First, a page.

- At the end of Chicago (the movie adaptation), Roxie is acquitted, but literally moments later, a new heinous crime is committed and all the reporters rush out of the courtroom, leaving her all alone and without the fame and adoration she had been seeking.
- In The Devil Wears Prada, after being chewed out by her boss, Andy storms out of the office and goes down to Nigel to complain. Nigel answers with a thorough "The Reason You Suck" Speech, forcing Andrea to admit that she doesn't appreciate her position enough.
- Played with and then averted in Glee 2x14: Rachel promises to take Kurt to 'a bakery of his own choosing for a piping-hot slice of humble pie' after proving that Blaine (the boy Kurt's in love with) is actually straight with a non-drunken kiss. When the kiss in question actually confirms to Blaine that he's really most sincerely gay, Kurt starts warming up to deliver that slice of pie to Rachel, but she completely fails to notice, due to being struck by the realisation that dating a boy who 'turned out to be gay' is perfect material for her new songwriting career...
- At the end of Inherit the Wind, after Matthew Harrison Brady wins the case he wants to talk some more about God, the evils of evolution, and how good Christian folk have to be on their guard in today's permissive society, but the people in the courtroom were kind of sick of the whole business so they ignore him.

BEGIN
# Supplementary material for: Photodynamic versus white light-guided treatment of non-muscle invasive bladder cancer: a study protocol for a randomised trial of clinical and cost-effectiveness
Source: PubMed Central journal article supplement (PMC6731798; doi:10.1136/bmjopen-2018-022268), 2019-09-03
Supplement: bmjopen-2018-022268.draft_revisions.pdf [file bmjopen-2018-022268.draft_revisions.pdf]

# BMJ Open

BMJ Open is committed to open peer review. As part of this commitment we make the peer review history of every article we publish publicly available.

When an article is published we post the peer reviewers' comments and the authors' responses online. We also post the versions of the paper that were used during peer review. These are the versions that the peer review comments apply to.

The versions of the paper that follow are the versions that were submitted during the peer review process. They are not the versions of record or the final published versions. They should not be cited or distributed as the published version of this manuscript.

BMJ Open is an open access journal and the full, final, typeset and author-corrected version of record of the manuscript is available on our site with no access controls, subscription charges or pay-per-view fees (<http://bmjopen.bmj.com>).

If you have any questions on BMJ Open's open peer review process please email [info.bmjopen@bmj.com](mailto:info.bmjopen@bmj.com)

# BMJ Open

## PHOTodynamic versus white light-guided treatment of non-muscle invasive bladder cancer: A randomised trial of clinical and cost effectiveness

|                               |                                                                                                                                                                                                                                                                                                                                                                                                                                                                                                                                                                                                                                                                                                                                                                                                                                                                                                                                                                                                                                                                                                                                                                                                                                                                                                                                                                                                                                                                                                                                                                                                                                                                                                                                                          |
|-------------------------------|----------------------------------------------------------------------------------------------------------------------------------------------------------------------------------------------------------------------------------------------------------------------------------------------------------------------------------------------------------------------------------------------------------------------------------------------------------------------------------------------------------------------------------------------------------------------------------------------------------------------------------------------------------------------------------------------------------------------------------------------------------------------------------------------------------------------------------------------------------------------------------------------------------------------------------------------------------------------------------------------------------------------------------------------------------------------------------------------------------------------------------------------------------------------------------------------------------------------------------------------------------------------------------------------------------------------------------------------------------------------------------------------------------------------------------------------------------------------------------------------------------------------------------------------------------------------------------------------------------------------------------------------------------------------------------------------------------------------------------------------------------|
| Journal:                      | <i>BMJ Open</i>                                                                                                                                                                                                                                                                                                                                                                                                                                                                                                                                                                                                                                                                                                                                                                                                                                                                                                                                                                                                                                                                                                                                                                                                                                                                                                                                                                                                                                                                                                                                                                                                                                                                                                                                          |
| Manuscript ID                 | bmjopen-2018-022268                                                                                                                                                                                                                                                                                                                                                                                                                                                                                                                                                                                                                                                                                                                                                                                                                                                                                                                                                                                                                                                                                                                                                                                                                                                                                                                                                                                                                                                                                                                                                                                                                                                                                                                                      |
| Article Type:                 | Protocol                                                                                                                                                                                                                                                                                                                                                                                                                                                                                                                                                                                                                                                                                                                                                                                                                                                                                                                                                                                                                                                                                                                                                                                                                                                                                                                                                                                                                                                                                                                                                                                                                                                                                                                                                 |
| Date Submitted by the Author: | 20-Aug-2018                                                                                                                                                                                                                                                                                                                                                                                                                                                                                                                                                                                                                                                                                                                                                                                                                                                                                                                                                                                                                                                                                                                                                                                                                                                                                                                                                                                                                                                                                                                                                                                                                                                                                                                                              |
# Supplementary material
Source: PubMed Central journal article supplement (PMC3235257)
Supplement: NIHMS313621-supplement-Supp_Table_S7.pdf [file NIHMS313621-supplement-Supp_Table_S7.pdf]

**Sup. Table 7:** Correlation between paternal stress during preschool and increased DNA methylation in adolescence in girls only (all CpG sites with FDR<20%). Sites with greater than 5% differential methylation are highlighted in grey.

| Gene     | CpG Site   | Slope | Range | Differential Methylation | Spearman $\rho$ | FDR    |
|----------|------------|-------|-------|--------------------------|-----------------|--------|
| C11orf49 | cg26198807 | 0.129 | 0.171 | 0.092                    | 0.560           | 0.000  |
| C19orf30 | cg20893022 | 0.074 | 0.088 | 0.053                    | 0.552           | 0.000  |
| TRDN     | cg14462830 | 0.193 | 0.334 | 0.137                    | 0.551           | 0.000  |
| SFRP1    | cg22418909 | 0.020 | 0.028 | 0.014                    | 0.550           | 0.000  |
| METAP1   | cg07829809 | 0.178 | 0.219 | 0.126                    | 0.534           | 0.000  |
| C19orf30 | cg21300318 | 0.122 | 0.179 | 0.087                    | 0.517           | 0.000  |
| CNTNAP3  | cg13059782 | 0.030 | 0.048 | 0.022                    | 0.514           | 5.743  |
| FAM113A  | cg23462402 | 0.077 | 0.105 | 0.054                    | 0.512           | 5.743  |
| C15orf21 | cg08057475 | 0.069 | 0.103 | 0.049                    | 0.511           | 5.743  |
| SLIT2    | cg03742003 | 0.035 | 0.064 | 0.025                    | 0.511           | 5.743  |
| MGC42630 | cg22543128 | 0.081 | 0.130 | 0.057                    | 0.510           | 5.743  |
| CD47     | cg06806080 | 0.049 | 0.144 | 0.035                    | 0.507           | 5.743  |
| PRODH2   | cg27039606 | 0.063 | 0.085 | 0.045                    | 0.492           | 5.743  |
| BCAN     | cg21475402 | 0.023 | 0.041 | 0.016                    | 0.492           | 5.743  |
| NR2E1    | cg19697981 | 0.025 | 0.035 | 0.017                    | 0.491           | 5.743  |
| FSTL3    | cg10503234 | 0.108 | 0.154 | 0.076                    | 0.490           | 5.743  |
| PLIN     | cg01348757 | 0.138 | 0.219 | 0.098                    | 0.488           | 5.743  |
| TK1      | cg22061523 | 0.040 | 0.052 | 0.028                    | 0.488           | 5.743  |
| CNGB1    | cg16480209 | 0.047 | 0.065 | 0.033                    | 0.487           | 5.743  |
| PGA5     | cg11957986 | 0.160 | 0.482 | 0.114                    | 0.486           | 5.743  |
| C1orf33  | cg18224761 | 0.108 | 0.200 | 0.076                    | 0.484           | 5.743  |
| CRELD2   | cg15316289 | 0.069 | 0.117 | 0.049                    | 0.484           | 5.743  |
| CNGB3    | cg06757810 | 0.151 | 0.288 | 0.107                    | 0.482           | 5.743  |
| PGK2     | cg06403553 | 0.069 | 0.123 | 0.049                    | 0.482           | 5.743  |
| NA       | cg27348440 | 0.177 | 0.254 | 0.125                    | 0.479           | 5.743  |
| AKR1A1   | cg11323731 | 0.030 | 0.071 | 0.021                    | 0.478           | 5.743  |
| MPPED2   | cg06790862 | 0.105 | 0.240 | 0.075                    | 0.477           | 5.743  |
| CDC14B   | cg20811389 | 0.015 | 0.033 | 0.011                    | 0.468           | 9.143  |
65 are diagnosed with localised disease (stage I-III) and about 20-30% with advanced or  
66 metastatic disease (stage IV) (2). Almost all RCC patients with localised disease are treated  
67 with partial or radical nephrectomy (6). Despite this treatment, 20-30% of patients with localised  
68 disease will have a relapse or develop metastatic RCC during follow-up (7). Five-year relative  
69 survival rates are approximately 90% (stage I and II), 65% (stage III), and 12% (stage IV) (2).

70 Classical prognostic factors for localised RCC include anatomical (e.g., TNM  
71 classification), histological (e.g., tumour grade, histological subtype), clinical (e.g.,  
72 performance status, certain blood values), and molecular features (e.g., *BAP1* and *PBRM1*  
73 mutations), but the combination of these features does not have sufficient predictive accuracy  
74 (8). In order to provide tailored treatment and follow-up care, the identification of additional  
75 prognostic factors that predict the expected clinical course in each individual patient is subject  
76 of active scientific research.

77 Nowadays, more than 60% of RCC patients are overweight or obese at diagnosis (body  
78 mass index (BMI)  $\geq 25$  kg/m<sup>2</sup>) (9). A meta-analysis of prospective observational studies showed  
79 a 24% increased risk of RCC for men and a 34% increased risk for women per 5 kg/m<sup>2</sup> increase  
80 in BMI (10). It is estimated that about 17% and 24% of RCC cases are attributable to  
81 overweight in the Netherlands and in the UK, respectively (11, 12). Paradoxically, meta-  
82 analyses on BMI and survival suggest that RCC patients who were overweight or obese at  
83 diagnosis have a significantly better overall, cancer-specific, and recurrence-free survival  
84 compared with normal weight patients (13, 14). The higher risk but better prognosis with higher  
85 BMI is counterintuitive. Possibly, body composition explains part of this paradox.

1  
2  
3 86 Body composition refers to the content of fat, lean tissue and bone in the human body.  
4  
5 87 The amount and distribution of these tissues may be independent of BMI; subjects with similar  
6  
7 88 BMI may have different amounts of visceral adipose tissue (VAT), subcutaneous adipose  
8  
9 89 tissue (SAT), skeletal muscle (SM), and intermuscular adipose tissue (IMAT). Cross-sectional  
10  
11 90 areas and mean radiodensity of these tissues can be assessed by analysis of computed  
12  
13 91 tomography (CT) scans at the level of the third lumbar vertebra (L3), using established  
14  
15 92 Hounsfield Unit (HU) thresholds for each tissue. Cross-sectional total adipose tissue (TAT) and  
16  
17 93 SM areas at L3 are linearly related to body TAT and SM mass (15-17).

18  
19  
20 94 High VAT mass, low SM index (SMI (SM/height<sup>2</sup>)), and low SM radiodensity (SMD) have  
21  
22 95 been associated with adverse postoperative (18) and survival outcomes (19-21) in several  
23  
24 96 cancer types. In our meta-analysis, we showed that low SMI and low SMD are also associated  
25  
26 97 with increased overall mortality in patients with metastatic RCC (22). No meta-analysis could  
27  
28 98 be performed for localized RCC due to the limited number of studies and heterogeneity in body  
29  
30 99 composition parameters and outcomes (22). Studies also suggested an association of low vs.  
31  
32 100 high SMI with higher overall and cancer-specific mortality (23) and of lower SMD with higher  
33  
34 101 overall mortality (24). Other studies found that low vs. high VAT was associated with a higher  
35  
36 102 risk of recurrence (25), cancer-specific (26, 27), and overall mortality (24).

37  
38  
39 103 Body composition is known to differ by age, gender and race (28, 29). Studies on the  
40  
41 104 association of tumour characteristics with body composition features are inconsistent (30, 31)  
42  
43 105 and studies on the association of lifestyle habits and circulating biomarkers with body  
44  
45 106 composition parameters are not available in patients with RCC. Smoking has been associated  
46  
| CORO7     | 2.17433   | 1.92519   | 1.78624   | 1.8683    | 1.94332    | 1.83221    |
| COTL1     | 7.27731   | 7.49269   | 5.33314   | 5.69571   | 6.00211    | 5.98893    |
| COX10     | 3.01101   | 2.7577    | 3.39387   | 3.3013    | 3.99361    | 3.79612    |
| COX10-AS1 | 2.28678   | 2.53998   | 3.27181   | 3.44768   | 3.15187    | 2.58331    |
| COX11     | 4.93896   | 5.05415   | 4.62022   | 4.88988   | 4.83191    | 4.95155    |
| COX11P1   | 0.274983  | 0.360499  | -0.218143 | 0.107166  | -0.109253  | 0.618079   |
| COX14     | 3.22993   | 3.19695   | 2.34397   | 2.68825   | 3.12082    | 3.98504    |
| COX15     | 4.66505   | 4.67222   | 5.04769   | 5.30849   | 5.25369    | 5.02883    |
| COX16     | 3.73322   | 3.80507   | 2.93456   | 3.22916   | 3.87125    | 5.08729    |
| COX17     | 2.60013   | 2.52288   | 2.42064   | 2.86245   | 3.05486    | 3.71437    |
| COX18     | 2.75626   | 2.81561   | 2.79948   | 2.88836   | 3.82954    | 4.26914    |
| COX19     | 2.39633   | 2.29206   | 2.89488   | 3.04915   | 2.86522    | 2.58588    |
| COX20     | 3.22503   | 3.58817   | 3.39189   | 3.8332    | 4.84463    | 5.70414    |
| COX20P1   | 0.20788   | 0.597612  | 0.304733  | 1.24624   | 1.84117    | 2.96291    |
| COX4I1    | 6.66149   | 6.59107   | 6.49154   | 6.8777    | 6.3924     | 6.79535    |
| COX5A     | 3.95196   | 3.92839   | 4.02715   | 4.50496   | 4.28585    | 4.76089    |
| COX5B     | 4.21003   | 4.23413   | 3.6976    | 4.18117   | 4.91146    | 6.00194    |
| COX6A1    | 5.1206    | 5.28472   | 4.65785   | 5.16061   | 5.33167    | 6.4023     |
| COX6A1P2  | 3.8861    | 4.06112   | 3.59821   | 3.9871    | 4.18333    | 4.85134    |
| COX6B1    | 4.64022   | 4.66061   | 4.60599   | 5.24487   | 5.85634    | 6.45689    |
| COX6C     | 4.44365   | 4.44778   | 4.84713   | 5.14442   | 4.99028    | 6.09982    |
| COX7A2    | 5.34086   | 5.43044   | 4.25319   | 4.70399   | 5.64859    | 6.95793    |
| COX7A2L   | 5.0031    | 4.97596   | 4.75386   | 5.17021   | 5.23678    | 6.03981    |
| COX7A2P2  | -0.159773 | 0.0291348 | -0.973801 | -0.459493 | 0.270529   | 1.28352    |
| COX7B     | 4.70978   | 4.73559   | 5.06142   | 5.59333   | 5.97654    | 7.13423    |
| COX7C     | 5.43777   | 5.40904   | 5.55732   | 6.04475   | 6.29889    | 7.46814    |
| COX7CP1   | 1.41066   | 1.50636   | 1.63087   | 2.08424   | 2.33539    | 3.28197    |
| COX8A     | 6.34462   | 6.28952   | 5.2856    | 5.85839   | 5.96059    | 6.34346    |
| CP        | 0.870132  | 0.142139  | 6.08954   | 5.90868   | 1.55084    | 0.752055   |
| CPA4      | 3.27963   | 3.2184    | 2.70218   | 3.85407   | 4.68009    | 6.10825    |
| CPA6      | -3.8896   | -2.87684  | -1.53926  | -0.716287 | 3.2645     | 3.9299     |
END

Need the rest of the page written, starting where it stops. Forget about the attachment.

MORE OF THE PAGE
- For clarification, he had prepared this brilliant monologue about all the stuff mentioned above, intending to use it as his closing statement. Unfortunately for him, his Genre Savvy opponent realized that he would never be able to produce a better statement, since Brady was a more experienced lawyer and a better public speaker, so his opponent pulled a fast one by declining to give a closing statement himself. Under the laws of the time, this meant that Brady wasn't allowed to give a closing statement. He tries to give the monologue after the trial, but by then the spotlight isn't on the case anymore, so no one really cares.